Megan Breukelman: [00:25:47] That’s so true. And I mean, I feel like I want to buy prints off a you now!

Karen Clouse: [00:25:53] That’s awesome. See, I wasn’t selling, right? I did euros selling right there. I was just telling a story. It’s a true story. You know, I’m not making it up and it’s a touching story so people can identify with it. So I think I think everybody has that kind of story somewhere in their life. They just need to find it and hold onto it and communicate with their clients through it.

Megan Breukelman: [00:26:17] Absolutely. And you’re making me consider going to get some prints of my wedding photos right now, because we we have not made an album yet. We have not done prints. It’s the same situation. We just haven’t had the time. You know what I mean?

Karen Clouse: [00:26:32] The time we’ll get away from you quickly.

Megan Breukelman: [00:26:35] Oh, my goodness. So you’ve mentioned that some photographers are using in person sales to kind of sell more prints. But what about photographers who aren’t comfortable or they’re not ready to do that? What kind of advice do you have for those people?

Karen Clouse: [00:26:50] So an online gallery is the best way to sell without having to meet the person in person. In my opinion, when you are meeting your client for the shoot, feel free to bring some samples. You can show them, you know, samples of the different things that you want to sell there in person. That way they can feel the quality of the print. See the canvases. And after the shoot they can go back home and they’ll start to imagine in their home where those things will fit. So if you do a good job of helping them understand what they need, then by the time you finish editing and deliver that gallery to them, they’re going to already have in their mind what they want to fill their walls with and their table tops. You know, Bill already have that in mind because you planted that ahead of time. So I think in person versus non I.P.S, there’s kind of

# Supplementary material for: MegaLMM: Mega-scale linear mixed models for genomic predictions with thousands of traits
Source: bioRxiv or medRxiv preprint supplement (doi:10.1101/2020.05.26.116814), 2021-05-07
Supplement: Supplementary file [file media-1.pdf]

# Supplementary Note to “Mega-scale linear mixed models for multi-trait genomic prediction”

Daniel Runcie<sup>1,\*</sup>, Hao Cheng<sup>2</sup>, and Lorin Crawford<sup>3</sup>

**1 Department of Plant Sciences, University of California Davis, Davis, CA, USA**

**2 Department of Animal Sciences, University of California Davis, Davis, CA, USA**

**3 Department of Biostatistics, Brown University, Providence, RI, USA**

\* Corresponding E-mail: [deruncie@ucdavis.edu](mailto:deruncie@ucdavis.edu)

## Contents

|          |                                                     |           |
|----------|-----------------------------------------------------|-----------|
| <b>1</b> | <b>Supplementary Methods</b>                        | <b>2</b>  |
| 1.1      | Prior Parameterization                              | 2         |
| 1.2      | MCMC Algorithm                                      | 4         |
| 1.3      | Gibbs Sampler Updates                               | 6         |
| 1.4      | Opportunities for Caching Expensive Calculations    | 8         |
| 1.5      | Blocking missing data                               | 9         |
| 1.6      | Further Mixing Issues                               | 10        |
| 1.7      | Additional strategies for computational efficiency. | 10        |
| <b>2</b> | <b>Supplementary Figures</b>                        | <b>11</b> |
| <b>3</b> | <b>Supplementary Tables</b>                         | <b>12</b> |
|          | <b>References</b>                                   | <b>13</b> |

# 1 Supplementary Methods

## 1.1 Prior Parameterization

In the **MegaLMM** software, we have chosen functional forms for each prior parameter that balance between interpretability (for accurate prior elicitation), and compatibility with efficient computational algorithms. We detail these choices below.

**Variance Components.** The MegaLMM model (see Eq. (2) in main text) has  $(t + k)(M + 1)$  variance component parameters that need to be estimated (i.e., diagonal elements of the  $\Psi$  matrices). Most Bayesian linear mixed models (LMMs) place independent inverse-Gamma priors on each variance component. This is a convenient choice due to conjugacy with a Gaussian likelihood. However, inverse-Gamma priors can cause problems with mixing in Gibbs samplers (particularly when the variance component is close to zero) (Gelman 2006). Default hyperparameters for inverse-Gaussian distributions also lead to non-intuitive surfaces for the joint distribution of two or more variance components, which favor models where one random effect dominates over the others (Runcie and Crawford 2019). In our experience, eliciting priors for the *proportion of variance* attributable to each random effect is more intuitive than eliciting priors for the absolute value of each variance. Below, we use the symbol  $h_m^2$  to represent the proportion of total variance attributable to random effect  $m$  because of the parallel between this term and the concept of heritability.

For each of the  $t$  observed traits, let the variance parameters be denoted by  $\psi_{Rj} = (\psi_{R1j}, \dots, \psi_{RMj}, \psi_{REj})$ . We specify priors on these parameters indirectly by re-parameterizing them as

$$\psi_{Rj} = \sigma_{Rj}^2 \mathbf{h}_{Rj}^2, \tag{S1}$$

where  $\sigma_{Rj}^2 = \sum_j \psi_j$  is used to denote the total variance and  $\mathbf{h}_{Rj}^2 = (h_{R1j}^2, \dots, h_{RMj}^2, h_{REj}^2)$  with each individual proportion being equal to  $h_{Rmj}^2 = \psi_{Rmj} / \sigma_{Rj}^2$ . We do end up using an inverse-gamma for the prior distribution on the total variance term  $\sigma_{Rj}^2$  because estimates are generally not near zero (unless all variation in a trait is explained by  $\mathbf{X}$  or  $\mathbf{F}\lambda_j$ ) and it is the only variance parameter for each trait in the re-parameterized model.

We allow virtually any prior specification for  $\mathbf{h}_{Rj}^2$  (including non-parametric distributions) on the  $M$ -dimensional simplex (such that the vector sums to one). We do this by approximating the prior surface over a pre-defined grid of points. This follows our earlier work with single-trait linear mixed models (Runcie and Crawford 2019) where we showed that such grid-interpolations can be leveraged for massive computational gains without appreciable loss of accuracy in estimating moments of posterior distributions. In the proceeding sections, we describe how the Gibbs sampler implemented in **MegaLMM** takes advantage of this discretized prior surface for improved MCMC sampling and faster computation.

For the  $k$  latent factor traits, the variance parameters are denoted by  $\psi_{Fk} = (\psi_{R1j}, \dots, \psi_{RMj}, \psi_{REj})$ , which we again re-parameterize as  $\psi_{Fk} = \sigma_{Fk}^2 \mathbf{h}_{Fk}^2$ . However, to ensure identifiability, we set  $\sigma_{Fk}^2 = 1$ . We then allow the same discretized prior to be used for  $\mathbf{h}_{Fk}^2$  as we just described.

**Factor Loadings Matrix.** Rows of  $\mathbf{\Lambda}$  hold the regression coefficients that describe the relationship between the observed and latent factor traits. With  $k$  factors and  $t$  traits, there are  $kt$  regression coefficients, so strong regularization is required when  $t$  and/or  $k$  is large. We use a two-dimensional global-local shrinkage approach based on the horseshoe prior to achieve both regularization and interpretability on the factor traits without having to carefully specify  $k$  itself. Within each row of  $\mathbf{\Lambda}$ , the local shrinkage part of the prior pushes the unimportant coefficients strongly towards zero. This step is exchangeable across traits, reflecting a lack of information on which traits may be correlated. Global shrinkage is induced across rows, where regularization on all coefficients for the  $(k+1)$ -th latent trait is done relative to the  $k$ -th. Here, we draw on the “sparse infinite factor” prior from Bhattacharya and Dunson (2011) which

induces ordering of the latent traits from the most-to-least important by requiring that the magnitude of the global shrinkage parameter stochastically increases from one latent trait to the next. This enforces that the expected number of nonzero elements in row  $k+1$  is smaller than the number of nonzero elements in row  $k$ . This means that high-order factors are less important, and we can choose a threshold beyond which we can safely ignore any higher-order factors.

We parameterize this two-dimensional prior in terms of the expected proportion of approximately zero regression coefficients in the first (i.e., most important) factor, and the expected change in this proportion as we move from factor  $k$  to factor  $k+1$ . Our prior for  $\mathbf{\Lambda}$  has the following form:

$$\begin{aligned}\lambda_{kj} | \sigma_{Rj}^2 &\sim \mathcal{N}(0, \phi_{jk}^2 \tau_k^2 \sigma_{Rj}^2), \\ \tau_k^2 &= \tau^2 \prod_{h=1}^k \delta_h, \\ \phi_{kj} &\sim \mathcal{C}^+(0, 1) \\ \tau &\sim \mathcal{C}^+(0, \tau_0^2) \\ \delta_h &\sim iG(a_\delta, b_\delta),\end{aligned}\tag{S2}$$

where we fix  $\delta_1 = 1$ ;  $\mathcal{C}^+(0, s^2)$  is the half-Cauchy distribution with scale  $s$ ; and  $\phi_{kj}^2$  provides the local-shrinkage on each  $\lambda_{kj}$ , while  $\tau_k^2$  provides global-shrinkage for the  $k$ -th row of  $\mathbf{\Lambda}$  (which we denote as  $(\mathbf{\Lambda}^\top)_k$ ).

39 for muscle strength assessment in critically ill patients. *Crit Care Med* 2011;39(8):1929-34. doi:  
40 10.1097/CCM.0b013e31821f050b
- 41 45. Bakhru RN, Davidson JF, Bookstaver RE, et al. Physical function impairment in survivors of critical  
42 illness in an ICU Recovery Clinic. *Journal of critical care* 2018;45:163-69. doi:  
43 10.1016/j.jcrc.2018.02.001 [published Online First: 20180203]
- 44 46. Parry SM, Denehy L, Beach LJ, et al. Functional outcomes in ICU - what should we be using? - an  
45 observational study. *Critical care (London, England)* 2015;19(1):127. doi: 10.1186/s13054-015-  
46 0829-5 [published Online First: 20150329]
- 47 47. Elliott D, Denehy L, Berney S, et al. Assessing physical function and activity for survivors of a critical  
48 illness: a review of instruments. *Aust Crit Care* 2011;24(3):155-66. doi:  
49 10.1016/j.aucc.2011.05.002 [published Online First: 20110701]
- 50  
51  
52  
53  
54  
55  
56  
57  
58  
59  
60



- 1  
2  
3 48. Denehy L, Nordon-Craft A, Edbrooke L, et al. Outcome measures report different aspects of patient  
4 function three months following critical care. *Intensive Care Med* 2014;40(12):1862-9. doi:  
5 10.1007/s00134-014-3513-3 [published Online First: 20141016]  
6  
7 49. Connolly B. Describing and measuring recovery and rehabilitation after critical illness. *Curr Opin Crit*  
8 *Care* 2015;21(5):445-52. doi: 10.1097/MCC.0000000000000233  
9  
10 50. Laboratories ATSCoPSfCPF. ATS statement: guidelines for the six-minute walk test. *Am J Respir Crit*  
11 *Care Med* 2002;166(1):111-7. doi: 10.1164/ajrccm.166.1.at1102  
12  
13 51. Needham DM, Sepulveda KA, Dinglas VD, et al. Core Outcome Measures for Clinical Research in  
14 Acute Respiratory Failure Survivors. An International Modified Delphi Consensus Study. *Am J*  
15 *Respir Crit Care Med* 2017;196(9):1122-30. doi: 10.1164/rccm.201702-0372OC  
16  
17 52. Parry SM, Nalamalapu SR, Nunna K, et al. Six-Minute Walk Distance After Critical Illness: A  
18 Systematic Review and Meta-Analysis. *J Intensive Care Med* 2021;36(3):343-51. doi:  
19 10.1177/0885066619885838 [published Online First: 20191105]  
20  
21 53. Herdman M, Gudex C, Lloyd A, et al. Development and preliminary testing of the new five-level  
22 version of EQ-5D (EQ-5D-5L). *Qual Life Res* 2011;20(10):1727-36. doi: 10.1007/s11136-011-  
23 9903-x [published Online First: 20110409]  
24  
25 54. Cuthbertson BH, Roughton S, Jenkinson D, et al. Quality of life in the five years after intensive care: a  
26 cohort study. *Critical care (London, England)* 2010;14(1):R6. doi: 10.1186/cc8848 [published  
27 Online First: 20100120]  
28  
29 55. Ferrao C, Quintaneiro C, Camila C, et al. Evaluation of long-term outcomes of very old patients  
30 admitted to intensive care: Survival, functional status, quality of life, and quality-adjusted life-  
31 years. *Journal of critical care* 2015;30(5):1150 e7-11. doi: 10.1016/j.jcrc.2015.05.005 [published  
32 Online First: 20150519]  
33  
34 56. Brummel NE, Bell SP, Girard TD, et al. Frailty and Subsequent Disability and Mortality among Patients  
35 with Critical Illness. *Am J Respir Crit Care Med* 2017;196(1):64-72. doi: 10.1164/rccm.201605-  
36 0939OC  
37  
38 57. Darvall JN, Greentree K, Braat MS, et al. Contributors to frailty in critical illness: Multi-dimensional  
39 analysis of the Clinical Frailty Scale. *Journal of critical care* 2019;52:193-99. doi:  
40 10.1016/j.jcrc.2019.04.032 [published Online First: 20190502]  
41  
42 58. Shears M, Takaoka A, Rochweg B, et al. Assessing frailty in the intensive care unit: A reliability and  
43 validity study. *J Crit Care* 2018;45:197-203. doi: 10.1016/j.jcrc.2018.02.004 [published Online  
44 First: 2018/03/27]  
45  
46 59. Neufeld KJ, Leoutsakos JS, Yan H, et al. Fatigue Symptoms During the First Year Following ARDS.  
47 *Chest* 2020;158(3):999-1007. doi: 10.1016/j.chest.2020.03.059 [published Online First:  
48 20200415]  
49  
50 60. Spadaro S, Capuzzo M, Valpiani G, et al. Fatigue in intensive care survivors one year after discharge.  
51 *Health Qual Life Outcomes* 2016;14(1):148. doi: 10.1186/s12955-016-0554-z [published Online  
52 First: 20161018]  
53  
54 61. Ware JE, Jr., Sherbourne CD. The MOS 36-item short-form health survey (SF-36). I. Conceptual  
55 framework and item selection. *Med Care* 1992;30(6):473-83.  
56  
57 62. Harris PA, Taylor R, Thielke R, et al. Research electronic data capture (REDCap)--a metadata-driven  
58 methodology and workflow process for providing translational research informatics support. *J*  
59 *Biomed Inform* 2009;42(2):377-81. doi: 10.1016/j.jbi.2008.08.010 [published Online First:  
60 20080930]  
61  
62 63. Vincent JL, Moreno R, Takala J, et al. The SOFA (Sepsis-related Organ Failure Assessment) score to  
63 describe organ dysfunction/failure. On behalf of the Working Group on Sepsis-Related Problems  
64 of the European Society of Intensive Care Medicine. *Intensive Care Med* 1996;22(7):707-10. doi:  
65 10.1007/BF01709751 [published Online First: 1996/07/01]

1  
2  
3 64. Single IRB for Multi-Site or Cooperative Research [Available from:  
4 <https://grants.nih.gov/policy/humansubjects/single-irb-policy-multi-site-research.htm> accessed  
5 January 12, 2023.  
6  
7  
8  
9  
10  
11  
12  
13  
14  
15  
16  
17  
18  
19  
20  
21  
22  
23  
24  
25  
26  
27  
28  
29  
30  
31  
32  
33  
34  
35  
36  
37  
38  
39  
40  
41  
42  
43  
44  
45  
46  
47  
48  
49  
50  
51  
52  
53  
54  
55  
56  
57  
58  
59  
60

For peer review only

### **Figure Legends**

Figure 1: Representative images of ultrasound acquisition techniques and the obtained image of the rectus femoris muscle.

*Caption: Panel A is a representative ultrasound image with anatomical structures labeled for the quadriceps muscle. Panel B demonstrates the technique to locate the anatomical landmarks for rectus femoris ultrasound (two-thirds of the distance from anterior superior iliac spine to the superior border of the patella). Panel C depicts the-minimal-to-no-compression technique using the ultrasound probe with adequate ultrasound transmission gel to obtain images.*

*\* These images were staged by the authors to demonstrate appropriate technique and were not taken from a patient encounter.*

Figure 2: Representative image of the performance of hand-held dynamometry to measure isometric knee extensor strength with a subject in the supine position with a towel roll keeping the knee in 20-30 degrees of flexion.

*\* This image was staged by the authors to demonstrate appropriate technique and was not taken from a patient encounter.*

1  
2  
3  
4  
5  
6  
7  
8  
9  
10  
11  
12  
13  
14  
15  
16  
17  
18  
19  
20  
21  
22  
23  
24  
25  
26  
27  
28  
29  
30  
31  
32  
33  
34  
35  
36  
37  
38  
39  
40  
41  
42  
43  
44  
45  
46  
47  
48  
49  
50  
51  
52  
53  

like a battle between those two worlds. But I think it can be done both ways. Just be sure to ask questions about how they want. To display their images and you’ll have those samples with you and you can kind of show them. Also, I think focusing on selling only a few types of items kind of helps because if you bring so much stuff, they kind of get that analysis paralysis type thing where they can’t make up their minds. So make sure you curate your offerings to, you know, to to help them make that decision. Also, you can weave that whole storytelling thing into every aspect of the experience. Even if you’re using online galleries, know you’re still going to have the opportunity to communicate with the client. So use every chance you get. They’re looking to you. You’ve they’ve hired you as an expert. So they see you as such. And you and you should value yourself as such, too, if you’re a professional photographer. So as the expert, I think it’s the photographer’s job to help educate the client on the value of those printed objects. And are there other ways to educate your clients, like maybe email marketing or blogging or how to photographers educate their clients? So blogging is huge. You know, you’ve got total control of what kind of communication you’re putting out there. Remembering that what you blog is a reflection of you as a business person and it’s going to help you attract the types of clients that you want. E-mail communication is huge. Like I mentioned, Shootproof, for example, has automated email campaigns so you can set up, you know, maybe four or five email templates and then schedule them to go out to different people at different times. Like I mentioned before, someone who might have abandoned their cart. You can target those emails to those people or people maybe who have favorited an image but haven’t added it to their cart. You can target them with these emails. So all of that can be automated ahead of time. It looks like you’re doing a lot of work after the fact, but you’ve really just been smart ahead of time and set it all up so that after you deliver that gallery, you can sit back and wait for those orders to come in for sure.

Megan Breukelman: [00:29:59] And I feel like I have a million more questions, but I want to be mindful of your time, obviously. So I want to ask, what advice do you have for up-and-coming photographers who are looking to grow and scale their business overall?